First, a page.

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A proposed settlement could finally bring Tucson's billboard battle to an end

Pedestrians passing beneath a casino-advertising billboard in the 5000 block of South 12th Avenue shouldn't look up. If they do, they'll be gambling that there aren't any pigeons about to poop on them from above.

According to the city of Tucson, this billboard, which displays two 672-square-foot signs, was illegally built many years ago over the public right of way. Not only that, but the billboard was also allegedly installed without a permit, violates setback and spacing regulations, and is too tall.

If a legal settlement now pending between the city and the billboard's current owner, Clear Channel Outdoor, is approved, the sign will be coming down.

City Attorney Mike Rankin says he plans to discuss the proposed settlement with the City Council in an executive session on April 21, and Rankin recently told Superior Court Judge Carmine Cornelio: "I don't schedule (an item) for the mayor and council unless there's something real to talk about."

The framework for the proposed legal settlement was outlined in a memorandum of understanding (MOU) signed by Rankin and a representative of Clear Channel Outdoor last October. It would bring an end to a lawsuit which began almost a decade ago and involved close to 200 billboards that the city claimed were illegal.

The settlement proposal calls for more than 100 of these billboards to eventually be removed—a significant reduction of Clear Channel Outdoor's current total of about 370 advertising signs within city limits.

About 40 percent of the billboards that would be removed, including the one on 12th Avenue, would come down within a year of the settlement's completion. Another 30 percent would be gone between one and three years later, and the remainder could remain for up to 15 years.

In addition, 23 of the billboards covered by the settlement would be modified. These changes include relocating some of them, and reducing the height of others.

Under the terms of the MOU, approximately 70 billboards included in the original city lawsuit would be deemed legal.

"Assuming all the details can be worked out," comments attorney Joy Herr-Cardillo, "this is a win-win situation. ... The Billboard Review Committee is feeling good about it."

Herr-Cardillo is a member of that citizens' group, which was instrumental in negotiating a 2006 billboard settlement between Clear Channel Outdoor and Pima County. The committee is now involved with the negotiations between City Hall and the billboard company.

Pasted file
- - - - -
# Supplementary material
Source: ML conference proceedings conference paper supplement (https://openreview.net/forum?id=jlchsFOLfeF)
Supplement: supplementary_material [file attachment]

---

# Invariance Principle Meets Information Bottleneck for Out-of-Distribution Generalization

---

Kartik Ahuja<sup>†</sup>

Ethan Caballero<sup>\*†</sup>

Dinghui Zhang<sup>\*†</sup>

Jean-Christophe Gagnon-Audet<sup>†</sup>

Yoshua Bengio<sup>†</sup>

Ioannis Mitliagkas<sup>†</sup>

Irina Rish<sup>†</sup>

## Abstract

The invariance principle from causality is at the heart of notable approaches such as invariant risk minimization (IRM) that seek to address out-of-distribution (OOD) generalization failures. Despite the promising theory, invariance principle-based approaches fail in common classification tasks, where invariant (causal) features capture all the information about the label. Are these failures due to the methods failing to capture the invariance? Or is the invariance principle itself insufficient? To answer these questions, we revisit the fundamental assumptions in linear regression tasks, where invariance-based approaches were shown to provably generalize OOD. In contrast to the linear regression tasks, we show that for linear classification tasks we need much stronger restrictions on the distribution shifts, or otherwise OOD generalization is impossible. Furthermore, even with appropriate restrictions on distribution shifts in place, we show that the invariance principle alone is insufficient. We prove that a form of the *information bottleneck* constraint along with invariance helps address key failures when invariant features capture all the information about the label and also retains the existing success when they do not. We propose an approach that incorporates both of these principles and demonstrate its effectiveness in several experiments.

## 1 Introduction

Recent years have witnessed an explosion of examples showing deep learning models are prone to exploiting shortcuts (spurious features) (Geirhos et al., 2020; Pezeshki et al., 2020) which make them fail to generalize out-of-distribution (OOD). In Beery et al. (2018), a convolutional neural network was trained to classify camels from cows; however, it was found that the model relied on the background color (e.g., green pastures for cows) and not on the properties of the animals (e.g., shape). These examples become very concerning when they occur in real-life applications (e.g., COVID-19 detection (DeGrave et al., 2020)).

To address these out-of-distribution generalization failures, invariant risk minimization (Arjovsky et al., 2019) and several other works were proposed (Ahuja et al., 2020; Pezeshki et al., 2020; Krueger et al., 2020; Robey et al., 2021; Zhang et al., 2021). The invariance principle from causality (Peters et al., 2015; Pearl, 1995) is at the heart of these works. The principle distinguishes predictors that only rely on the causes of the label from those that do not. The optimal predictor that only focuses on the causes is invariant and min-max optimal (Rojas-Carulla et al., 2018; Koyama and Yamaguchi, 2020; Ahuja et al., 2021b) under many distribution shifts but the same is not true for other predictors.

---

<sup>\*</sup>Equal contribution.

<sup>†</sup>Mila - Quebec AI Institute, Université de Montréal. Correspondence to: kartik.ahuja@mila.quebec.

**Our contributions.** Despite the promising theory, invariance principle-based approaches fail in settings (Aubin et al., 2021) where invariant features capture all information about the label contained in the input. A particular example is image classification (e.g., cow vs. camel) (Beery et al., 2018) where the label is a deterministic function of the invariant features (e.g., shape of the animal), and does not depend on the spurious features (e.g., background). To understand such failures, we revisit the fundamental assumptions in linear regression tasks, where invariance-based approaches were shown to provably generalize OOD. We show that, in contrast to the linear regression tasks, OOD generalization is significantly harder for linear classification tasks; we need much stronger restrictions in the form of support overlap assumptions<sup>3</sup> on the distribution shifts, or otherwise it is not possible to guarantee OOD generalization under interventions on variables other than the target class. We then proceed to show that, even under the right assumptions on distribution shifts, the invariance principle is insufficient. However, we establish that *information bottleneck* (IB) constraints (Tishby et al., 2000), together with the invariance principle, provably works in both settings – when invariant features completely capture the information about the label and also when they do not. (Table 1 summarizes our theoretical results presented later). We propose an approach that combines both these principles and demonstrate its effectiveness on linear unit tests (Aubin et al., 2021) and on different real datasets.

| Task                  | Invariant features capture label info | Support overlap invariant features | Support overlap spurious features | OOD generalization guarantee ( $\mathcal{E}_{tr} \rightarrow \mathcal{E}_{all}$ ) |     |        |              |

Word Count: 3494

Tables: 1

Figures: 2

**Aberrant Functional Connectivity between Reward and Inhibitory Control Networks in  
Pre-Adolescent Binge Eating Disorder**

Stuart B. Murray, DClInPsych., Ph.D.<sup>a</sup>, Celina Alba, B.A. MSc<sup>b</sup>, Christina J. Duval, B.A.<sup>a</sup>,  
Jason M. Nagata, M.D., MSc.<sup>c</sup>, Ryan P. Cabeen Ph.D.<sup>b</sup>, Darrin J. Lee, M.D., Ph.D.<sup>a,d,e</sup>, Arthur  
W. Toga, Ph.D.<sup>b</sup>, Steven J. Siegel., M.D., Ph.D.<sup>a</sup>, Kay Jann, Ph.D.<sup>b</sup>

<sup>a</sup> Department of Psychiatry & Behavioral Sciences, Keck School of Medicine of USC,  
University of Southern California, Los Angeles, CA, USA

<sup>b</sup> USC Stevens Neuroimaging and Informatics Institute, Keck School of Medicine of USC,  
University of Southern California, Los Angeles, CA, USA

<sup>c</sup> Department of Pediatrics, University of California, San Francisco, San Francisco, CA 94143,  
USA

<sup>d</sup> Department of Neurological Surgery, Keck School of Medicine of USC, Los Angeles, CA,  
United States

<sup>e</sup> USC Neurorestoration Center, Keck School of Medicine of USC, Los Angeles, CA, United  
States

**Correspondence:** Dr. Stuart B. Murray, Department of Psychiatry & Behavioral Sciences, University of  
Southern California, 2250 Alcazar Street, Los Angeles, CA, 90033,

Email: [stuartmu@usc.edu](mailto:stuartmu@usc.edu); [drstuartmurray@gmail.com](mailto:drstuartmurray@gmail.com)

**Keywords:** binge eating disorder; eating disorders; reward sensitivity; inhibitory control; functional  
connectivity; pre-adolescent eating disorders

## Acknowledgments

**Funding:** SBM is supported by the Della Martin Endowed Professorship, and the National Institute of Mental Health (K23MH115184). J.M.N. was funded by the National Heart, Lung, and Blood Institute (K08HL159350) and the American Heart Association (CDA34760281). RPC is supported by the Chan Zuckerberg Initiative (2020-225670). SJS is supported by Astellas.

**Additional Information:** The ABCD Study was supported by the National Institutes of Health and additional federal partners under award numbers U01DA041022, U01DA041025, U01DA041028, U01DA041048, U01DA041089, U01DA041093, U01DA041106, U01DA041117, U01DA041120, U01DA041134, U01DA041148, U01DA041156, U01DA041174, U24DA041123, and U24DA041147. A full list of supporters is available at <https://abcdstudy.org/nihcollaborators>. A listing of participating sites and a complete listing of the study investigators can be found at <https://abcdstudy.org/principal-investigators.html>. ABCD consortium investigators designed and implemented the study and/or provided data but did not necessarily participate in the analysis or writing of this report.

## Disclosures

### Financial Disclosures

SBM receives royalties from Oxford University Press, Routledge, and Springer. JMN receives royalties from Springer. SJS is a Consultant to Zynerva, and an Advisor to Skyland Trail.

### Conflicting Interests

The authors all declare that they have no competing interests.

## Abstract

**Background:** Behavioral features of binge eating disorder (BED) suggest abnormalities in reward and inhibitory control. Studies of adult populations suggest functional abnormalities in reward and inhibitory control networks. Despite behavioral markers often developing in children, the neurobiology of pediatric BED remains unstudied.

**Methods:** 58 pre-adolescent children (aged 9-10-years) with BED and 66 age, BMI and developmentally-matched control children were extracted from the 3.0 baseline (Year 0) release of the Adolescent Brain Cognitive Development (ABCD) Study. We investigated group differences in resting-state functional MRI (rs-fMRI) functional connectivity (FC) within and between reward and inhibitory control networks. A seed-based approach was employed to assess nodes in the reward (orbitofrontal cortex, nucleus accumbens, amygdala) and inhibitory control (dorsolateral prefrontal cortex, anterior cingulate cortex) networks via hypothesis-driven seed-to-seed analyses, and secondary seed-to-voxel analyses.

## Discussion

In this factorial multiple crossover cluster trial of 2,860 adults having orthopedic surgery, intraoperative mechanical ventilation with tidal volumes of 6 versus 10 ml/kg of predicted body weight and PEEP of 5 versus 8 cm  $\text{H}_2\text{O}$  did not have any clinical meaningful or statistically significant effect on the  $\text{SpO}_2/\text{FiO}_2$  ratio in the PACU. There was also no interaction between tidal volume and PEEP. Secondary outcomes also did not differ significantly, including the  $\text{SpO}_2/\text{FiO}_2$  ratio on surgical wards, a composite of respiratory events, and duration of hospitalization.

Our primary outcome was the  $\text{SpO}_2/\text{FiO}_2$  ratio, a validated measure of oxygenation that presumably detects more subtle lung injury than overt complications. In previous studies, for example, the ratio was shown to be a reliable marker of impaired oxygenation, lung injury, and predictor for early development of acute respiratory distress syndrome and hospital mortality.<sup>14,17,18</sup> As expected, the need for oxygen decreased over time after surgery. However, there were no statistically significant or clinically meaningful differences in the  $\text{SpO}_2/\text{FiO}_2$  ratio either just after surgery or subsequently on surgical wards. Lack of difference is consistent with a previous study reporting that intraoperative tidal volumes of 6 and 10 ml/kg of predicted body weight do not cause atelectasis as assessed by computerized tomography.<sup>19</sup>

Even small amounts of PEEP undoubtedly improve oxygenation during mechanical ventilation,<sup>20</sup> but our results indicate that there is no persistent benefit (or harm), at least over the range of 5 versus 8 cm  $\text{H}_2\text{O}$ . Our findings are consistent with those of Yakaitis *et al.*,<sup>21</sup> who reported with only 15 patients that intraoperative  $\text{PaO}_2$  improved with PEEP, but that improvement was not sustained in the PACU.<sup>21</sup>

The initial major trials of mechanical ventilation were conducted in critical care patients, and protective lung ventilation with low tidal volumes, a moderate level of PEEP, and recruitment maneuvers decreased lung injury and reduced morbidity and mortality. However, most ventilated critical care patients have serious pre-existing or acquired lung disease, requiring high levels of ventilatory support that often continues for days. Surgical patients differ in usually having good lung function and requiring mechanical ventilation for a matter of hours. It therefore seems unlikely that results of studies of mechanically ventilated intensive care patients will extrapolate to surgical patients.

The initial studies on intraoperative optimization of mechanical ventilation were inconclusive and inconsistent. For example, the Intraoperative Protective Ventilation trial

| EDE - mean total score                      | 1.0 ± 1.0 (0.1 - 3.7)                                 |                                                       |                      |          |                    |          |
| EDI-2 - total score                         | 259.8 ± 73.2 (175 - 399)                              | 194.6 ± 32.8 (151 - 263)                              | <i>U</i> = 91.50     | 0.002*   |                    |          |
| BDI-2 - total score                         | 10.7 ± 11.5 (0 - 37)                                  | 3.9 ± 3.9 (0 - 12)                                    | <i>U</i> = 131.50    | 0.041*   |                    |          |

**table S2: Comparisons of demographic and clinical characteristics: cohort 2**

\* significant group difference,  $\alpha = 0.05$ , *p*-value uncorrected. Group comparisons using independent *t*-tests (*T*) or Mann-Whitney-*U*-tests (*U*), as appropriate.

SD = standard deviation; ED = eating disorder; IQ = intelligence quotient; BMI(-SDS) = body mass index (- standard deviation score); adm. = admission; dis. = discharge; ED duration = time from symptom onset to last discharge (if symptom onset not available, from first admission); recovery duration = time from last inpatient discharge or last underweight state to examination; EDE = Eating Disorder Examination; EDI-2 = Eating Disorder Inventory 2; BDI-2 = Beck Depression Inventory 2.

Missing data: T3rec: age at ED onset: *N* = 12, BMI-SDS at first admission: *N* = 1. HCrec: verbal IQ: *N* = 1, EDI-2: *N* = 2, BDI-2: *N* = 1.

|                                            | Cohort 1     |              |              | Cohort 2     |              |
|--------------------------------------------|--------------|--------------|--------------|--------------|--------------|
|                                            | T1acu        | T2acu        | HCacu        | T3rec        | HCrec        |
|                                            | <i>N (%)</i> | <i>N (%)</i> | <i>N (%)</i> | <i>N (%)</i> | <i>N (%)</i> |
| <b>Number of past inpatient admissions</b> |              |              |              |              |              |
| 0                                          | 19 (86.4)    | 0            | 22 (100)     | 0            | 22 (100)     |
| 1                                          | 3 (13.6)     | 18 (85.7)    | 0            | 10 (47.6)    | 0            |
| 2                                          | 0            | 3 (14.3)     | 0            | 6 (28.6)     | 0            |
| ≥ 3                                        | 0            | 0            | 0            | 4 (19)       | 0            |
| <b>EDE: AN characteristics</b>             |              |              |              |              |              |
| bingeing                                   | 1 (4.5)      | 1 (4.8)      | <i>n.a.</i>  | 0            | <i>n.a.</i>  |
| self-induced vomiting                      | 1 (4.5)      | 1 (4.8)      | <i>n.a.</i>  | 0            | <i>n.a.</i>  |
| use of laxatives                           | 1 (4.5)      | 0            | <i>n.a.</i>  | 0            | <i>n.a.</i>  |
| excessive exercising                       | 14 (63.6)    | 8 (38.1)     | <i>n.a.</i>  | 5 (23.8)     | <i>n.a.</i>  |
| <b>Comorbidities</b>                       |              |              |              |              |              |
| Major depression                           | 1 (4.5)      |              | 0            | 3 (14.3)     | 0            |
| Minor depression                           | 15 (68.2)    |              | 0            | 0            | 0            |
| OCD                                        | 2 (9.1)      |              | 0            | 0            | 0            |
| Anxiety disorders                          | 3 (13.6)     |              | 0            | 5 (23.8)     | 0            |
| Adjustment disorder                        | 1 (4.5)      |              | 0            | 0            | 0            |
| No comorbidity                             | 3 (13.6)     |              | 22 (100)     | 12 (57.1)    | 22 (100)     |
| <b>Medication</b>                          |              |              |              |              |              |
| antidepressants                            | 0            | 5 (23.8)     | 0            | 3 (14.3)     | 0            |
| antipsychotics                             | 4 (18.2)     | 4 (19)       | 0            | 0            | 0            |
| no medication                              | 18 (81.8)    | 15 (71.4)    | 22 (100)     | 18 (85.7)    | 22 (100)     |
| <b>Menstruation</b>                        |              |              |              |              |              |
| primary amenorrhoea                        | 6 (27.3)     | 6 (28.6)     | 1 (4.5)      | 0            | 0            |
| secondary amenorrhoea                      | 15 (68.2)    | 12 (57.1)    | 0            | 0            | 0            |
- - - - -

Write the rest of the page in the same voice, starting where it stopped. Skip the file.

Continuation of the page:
Herr-Cardillo emphasizes that enforcement of the city's sign code hasn't been compromised by the settlement; she calls that "a win for everyone."

Architect Kathy McLaughlin, also a member of the committee, agrees.

"If the committee's recommendations are followed," McLaughlin says of the details still to be ironed out, "this will be a settlement we can live with."

However, those yet-to-be-settled details are significant, like defining what it means to replace structural items on a billboard by a "like kind" of material.

"Wood can't be replaced by metal," McLaughlin says as an example.

She also says that Clear Channel Outdoor and its predecessors in the Tucson billboard industry often supplied vague or no drawings of billboards to go with their permit applications—and she wants that situation corrected.

Clear Channel Outdoor spokesman Tony Alwin declined to comment on the proposed legal settlement. "It's corporate policy not to discuss issues in litigation," he says.

Hyman Kaplan isn't reluctant to share his opinions. Another member of the citizens' billboard group, Kaplan says: "The City Council should go ahead with the proposal from the committee.

"We're making (Clear Channel) meet code requirements," Kaplan says about outdoor lighting regulations that impact billboards. He says that many billboards are bottom-lit, which violates the lighting code; Kaplan says the settlement will require these signs to be lit from the top.

Dan Brocious works at the Whipple Observatory on Mount Hopkins south of Tucson and agrees with Kaplan. Also a member of the Billboard Review Committee, Brocious says: "If the lighting portion of it moves ahead, it will be much better for dark skies (in Tucson)."

Brocious believes Clear Channel Outdoor should support the settlement to end the city's lawsuit. "I think they'll be glad at the end of the day to have stability," he says.

Recalling Tucson's often contentious billboard history, McLaughlin says that strong action against the huge signs actually began in September 1985, when the City Council limited new billboards only to areas along Interstate 10 and Interstate 19. After what some people saw as a nasty political campaign, that decision was later ratified by two-thirds of the voters.

"I'm appreciative of the perseverance of the council," McLaughlin says about the intervening period. "It wasn't easy to take on the billboard industry ... and I would like to thank them for their steadfastness. They (various Tucson City Councils) have put personnel in place to hold the billboard industry accountable."

Now, assuming the Billboard Review Committee's recommendations are followed, she urges the Council to support the proposed settlement.

"I think it's a positive," McLaughlin says. "The city won't be required to spend all its time and manpower pursuing lawsuits. ... Instead, (the billboard company) will have to conform to code requirements."

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